Compensation: All Talk
Companies continue to discuss pay-for-performance, but that's about all they’re doing. Asked about how they shape compensation practice to drive business results, only 29% of 171 companies surveyed by Authoria said they use aggressive pay-for-performance programs. And a mere 15% said they consider their organizations to be very effective at aligning individual performance to corporate goals. The most common compensation practice cited was "communicating total rewards," that is, dazzling employees with the inventory of pay and perks they currently enjoy. Also high on the list: providing "more information to managers." But not, apparently, more information about pay-for-performance programs. — S.L.
Mini-Meds Offer Some Relief
Six years ago, only 13 percent of employees at Ratner Cos., an operator of 1,000 salons under such names as Hair Cuttery and Salon Cielo, took advantage of the company's medical plan. Today, 78 percent have coverage, under a limited benefit plan from Century Healthcare.
Driving that nearly eightfold increase was a switch to a so-called mini-med policy, or limited medical-benefits plan. Think of mini-meds as the flip side of catastrophic coverage: instead of forcing employees to pay out-of-pocket for smaller expenses while guarding them against huge outlays in the event of serious illness or accident, mini-meds instead pick up the tab for low-cost, routine forms of health care such as doctors' visits, immunizations, X-rays, and emergency-room charges, but impose strict annual caps on payouts.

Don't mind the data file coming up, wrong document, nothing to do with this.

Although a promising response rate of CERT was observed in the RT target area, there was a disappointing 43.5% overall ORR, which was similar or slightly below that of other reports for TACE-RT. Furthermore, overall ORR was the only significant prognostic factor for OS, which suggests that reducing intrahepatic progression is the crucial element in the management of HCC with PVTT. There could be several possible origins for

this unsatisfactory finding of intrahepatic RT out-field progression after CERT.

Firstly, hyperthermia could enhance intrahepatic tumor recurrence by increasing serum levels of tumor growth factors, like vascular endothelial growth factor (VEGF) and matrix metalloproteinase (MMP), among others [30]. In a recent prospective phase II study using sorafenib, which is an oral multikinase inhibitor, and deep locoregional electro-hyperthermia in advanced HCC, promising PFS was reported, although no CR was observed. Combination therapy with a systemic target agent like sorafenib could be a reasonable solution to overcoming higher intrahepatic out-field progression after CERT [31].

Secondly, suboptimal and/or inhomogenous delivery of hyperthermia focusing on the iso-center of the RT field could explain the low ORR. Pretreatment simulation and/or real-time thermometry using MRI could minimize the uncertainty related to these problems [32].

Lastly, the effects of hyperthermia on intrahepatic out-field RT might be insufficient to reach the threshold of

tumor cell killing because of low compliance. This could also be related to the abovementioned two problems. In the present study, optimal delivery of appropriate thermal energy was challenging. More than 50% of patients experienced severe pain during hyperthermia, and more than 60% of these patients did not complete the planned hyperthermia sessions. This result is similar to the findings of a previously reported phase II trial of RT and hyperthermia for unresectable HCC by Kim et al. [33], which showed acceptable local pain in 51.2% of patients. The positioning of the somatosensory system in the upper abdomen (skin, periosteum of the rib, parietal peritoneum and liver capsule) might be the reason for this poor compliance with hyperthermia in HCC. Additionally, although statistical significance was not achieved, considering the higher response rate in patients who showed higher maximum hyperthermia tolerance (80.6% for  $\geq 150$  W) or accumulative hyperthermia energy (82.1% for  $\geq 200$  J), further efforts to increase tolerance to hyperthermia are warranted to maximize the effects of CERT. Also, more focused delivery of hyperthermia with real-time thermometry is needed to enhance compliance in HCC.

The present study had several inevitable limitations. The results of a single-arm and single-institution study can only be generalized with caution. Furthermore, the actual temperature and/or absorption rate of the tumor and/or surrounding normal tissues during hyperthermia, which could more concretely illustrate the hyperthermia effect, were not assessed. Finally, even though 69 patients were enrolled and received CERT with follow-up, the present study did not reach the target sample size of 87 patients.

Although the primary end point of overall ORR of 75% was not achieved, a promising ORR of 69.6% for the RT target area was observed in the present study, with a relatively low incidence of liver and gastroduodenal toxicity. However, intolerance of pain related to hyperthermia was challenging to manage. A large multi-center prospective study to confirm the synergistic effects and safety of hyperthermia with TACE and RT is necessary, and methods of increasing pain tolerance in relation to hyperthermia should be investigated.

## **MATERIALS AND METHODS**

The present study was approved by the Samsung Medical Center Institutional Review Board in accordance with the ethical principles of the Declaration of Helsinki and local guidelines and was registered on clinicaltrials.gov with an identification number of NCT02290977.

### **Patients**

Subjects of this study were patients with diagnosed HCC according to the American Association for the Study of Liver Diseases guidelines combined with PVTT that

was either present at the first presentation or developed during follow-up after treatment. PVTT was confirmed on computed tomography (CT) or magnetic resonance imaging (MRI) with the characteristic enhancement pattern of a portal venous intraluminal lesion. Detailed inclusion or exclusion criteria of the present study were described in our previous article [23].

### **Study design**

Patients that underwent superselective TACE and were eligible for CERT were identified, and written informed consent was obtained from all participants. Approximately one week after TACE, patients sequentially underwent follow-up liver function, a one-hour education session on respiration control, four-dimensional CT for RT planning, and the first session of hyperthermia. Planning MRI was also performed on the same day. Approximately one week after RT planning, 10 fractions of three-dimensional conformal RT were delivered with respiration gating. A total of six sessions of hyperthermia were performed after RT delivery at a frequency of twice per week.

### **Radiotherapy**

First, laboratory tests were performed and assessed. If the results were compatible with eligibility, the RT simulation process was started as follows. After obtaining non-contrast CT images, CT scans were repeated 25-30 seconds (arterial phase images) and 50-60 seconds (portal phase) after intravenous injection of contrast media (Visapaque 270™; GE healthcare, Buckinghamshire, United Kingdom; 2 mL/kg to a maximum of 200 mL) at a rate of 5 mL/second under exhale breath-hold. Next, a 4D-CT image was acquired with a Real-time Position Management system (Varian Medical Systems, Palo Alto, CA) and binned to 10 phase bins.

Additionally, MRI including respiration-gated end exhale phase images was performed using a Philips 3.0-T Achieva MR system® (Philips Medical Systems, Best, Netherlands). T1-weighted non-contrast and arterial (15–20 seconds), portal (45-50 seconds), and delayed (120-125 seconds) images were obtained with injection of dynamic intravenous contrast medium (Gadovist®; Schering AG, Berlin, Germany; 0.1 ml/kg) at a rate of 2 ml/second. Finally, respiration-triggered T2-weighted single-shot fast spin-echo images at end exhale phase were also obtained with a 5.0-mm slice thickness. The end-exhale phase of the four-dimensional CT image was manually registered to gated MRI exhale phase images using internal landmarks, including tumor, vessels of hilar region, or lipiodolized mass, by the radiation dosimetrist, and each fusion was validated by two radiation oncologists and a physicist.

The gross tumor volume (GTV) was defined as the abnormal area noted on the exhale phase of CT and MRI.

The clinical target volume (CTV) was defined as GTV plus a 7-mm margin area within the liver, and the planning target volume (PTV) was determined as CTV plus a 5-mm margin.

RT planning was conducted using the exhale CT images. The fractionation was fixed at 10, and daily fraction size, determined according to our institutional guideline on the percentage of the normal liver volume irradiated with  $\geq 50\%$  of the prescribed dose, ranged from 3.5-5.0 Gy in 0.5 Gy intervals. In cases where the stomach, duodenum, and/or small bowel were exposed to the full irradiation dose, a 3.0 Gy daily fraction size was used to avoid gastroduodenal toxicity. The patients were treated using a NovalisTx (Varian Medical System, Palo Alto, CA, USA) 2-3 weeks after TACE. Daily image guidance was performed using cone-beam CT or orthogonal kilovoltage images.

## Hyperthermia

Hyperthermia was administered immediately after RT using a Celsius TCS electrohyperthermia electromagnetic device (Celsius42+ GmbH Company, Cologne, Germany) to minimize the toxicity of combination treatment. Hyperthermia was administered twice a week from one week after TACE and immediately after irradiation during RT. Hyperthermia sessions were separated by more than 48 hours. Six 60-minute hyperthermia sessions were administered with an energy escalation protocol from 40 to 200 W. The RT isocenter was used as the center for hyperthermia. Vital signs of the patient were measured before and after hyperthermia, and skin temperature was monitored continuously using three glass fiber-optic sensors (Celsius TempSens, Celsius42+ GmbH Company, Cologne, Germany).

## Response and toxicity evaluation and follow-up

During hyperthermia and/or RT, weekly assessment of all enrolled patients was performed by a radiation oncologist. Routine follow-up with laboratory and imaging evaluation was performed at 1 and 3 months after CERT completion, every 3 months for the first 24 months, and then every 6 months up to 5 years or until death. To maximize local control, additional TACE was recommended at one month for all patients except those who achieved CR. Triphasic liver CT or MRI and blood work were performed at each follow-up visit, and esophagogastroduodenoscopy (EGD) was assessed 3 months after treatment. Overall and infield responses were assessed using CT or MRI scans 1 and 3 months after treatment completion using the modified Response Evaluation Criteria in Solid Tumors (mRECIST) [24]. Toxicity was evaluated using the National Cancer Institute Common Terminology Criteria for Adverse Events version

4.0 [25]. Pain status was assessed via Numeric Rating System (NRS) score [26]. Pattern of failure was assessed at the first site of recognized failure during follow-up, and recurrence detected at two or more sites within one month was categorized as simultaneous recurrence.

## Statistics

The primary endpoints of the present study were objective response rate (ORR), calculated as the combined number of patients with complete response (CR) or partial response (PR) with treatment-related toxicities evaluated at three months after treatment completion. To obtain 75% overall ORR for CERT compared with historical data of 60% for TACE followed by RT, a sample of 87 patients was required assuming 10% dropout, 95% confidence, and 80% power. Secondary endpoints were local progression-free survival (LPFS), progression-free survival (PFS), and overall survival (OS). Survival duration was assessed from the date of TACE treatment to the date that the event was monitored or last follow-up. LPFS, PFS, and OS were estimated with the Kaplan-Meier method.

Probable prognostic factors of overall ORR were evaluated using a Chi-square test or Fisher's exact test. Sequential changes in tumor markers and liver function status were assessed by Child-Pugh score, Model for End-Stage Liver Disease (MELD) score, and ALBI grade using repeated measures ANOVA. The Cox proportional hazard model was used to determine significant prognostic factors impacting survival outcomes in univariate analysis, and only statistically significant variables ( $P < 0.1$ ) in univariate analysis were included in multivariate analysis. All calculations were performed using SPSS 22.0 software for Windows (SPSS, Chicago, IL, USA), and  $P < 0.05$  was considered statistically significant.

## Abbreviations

One rationale for this kind of coverage: many analyses show that most participants in health-care plans use less than $2,000 annually in health-care benefits. But the growing popularity of mini-meds is primarily driven by the desire to keep health-insurance premiums low while extending some form of coverage to hourly or part-time workers, who often go unprotected. Monthly premiums for single coverage range from about $50 to $200 per month, says Derek Peterman, CEO and founder of Century Healthcare, an administrator of limited-benefit plans. As one sign of the growing popularity of such plans, insurance giants Aetna and Cigna have recently entered the market.
Employers considering a limited-benefit plan should check that it complies with the Health Insurance Portability and Accountability Act (HIPAA), covers state-mandated benefits, and offers discounts of 30 to 60 percent off the prices charged by network providers, say Rich Williams, vice president of operations with SRC, an Aetna company and provider of employee-benefits programs. Explaining to employees just what services are and aren't covered is crucial; many may be new to health coverage and not realize that benefits are limited. Employee participation rises dramatically when the employer picks up at least half the cost of premiums, says Williams. — K.M.K.
$1 Trillion and Counting